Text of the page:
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Sustaining Biodiversity and Ecosystem Functions

Economic Issues

Clement A. Tisdell

This innovative book identifies socio-economic processes which transform the stock of genetic resources and ecosystems and discusses sustainability issues raised by variations in this stock. It focuses subsequently on the socio-economics of the conservation and change in the stock of human developed germplasm and ecosystems. Particular attention is given to crops, livestock, GMOs, reduced economic value due to biological erosion, alternative agroecosystems, and property rights in germplasm. The book concludes with an exploration of the economic topics dealing with changes in the stock of wild germplasm and natural ecosystems, and discusses the associated valuation problems.
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Chapter 13: Property rights in non-captive wildlife and biodiversity conservation

Clement A. Tisdell

Extract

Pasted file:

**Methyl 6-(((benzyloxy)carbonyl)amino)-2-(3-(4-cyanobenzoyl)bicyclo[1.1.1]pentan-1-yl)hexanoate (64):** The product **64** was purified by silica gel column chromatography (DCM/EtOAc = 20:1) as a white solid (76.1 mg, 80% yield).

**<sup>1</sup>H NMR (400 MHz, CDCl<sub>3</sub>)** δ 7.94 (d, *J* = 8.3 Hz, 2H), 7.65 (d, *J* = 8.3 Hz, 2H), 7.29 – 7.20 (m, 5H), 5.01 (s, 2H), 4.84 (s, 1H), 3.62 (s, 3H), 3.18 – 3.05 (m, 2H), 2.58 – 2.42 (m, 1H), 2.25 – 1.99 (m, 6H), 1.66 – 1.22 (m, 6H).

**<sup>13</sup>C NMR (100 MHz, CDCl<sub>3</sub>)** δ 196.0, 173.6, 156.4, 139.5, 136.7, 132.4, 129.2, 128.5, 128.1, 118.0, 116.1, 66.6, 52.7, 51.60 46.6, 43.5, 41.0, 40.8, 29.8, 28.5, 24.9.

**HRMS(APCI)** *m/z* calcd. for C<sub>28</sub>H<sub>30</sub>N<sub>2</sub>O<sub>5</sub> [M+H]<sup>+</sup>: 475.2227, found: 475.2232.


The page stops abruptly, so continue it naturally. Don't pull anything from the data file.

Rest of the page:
In order to reduce the rate of human induced biodiversity loss of wild species, it has become increasingly important to stem this loss on private land. Some writers believe that granting landholders commercial property rights in wildlife will be effective in dealing with this matter and will result in the preservation of biodiversity. This chapter explores this view using economic theory. In doing so, it takes into account the total economic valuation concept. While the granting of commercial property rights is found to be effective for conserving some species, it is predicted to be a complete failure as a means of conserving other species. Furthermore, its potential for success in different regions of the world varies. Here, particular attention is given to the economics of utilization and conservation of non-captive fugitive (or mobile) wildlife.Considerable concern has been expressed in recent decades about continuing human induced biodiversity loss in the wild (May et al., 1995; Ehrlich, 1995) as well as a loss of genetic diversity in domesticated and cultivated species (Tisdell, 2003a; Tisdell, 2014; see also and of this book). Several factors have contributed to human induced biodiversity decline of non-captive biota. These factors include appropriation of wildlife habitats by humans, and their alterations to more productively serve human economic goals (Swanson, 1994a; 1994b; 1995), competition of humans with other species for food resources and their other means of subsistence (for example, harvesting of animals or plants by humans at the lower end of the food chain, thereby depriving higher order...

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